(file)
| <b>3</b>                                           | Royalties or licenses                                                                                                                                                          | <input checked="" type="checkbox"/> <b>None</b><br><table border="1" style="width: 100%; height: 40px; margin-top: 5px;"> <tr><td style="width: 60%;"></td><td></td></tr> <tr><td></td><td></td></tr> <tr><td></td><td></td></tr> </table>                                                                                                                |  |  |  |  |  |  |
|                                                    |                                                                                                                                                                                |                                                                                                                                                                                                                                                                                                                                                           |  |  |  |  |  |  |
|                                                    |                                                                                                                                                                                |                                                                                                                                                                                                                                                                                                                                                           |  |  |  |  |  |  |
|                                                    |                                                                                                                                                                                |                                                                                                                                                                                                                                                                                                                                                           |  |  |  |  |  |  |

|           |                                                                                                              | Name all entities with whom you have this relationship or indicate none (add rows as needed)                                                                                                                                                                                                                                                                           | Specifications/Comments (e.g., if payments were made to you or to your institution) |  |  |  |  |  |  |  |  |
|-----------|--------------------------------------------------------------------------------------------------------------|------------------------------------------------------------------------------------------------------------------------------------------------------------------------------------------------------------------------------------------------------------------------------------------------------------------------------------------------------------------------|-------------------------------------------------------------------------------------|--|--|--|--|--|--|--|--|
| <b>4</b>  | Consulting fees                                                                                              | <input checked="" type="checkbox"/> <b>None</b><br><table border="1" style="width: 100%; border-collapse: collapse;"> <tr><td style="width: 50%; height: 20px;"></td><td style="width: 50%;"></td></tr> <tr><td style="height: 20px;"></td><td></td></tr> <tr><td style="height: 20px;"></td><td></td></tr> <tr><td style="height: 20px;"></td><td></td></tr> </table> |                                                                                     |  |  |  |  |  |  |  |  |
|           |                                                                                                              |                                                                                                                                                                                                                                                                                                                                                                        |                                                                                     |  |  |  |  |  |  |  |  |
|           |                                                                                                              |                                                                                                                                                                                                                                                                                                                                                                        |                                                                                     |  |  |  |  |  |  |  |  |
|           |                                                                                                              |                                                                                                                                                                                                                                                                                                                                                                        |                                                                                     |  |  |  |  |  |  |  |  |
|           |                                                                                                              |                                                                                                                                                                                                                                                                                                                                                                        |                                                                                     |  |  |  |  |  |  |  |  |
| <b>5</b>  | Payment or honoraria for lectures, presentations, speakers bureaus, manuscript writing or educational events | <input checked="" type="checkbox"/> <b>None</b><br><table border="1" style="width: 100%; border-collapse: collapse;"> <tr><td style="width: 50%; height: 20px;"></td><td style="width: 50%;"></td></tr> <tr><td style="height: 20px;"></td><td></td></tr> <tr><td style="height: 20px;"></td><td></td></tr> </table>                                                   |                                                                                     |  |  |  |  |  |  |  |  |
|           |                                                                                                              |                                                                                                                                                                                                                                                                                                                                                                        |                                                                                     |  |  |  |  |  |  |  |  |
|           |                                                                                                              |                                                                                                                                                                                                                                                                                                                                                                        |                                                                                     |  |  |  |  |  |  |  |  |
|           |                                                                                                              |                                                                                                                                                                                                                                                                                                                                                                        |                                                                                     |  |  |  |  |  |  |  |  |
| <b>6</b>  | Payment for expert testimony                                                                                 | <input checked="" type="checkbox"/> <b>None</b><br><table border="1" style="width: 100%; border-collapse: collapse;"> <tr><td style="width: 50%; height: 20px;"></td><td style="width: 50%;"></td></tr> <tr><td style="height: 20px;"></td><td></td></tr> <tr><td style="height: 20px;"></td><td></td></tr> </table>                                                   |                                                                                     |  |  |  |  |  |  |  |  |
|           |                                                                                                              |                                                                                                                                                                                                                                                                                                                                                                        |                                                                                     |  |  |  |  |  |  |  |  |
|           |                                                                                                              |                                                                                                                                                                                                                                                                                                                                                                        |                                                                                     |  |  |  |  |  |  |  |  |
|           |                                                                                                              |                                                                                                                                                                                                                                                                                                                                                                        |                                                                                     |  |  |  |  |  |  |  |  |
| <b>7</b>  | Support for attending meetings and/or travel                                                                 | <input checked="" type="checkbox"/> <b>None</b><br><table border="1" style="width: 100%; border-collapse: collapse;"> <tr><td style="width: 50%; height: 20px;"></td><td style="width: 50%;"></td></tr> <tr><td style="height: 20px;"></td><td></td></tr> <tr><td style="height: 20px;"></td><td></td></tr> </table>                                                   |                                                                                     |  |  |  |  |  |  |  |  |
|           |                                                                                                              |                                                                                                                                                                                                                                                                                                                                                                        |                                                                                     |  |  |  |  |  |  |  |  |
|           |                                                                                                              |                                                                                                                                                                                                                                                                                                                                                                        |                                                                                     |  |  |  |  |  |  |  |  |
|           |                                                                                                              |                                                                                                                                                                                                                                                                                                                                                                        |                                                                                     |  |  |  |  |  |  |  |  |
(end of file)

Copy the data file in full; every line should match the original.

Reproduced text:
| <b>3</b>                                           | Royalties or licenses                                                                                                                                                          | <input checked="" type="checkbox"/> <b>None</b><br><table border="1" style="width: 100%; height: 40px; margin-top: 5px;"> <tr><td style="width: 60%;"></td><td></td></tr> <tr><td></td><td></td></tr> <tr><td></td><td></td></tr> </table>                                                                                                                |  |  |  |  |  |  |
|                                                    |                                                                                                                                                                                |                                                                                                                                                                                                                                                                                                                                                           |  |  |  |  |  |  |
|                                                    |                                                                                                                                                                                |                                                                                                                                                                                                                                                                                                                                                           |  |  |  |  |  |  |
|                                                    |                                                                                                                                                                                |                                                                                                                                                                                                                                                                                                                                                           |  |  |  |  |  |  |

|           |                                                                                                              | Name all entities with whom you have this relationship or indicate none (add rows as needed)                                                                                                                                                                                                                                                                           | Specifications/Comments (e.g., if payments were made to you or to your institution) |  |  |  |  |  |  |  |  |
|-----------|--------------------------------------------------------------------------------------------------------------|------------------------------------------------------------------------------------------------------------------------------------------------------------------------------------------------------------------------------------------------------------------------------------------------------------------------------------------------------------------------|-------------------------------------------------------------------------------------|--|--|--|--|--|--|--|--|
| <b>4</b>  | Consulting fees                                                                                              | <input checked="" type="checkbox"/> <b>None</b><br><table border="1" style="width: 100%; border-collapse: collapse;"> <tr><td style="width: 50%; height: 20px;"></td><td style="width: 50%;"></td></tr> <tr><td style="height: 20px;"></td><td></td></tr> <tr><td style="height: 20px;"></td><td></td></tr> <tr><td style="height: 20px;"></td><td></td></tr> </table> |                                                                                     |  |  |  |  |  |  |  |  |
|           |                                                                                                              |                                                                                                                                                                                                                                                                                                                                                                        |                                                                                     |  |  |  |  |  |  |  |  |
|           |                                                                                                              |                                                                                                                                                                                                                                                                                                                                                                        |                                                                                     |  |  |  |  |  |  |  |  |
|           |                                                                                                              |                                                                                                                                                                                                                                                                                                                                                                        |                                                                                     |  |  |  |  |  |  |  |  |
|           |                                                                                                              |                                                                                                                                                                                                                                                                                                                                                                        |                                                                                     |  |  |  |  |  |  |  |  |
| <b>5</b>  | Payment or honoraria for lectures, presentations, speakers bureaus, manuscript writing or educational events | <input checked="" type="checkbox"/> <b>None</b><br><table border="1" style="width: 100%; border-collapse: collapse;"> <tr><td style="width: 50%; height: 20px;"></td><td style="width: 50%;"></td></tr> <tr><td style="height: 20px;"></td><td></td></tr> <tr><td style="height: 20px;"></td><td></td></tr> </table>                                                   |                                                                                     |  |  |  |  |  |  |  |  |
|           |                                                                                                              |                                                                                                                                                                                                                                                                                                                                                                        |                                                                                     |  |  |  |  |  |  |  |  |
|           |                                                                                                              |                                                                                                                                                                                                                                                                                                                                                                        |                                                                                     |  |  |  |  |  |  |  |  |
|           |                                                                                                              |                                                                                                                                                                                                                                                                                                                                                                        |                                                                                     |  |  |  |  |  |  |  |  |
| <b>6</b>  | Payment for expert testimony                                                                                 | <input checked="" type="checkbox"/> <b>None</b><br><table border="1" style="width: 100%; border-collapse: collapse;"> <tr><td style="width: 50%; height: 20px;"></td><td style="width: 50%;"></td></tr> <tr><td style="height: 20px;"></td><td></td></tr> <tr><td style="height: 20px;"></td><td></td></tr> </table>                                                   |                                                                                     |  |  |  |  |  |  |  |  |
|           |                                                                                                              |                                                                                                                                                                                                                                                                                                                                                                        |                                                                                     |  |  |  |  |  |  |  |  |
|           |                                                                                                              |                                                                                                                                                                                                                                                                                                                                                                        |                                                                                     |  |  |  |  |  |  |  |  |
|           |                                                                                                              |                                                                                                                                                                                                                                                                                                                                                                        |                                                                                     |  |  |  |  |  |  |  |  |
| <b>7</b>  | Support for attending meetings and/or travel                                                                 | <input checked="" type="checkbox"/> <b>None</b><br><table border="1" style="width: 100%; border-collapse: collapse;"> <tr><td style="width: 50%; height: 20px;"></td><td style="width: 50%;"></td></tr> <tr><td style="height: 20px;"></td><td></td></tr> <tr><td style="height: 20px;"></td><td></td></tr> </table>                                                   |                                                                                     |  |  |  |  |  |  |  |  |
|           |                                                                                                              |                                                                                                                                                                                                                                                                                                                                                                        |                                                                                     |  |  |  |  |  |  |  |  |
|           |                                                                                                              |                                                                                                                                                                                                                                                                                                                                                                        |                                                                                     |  |  |  |  |  |  |  |  |
|           |                                                                                                              |                                                                                                                                                                                                                                                                                                                                                                        |                                                                                     |  |  |  |  |  |  |  |  |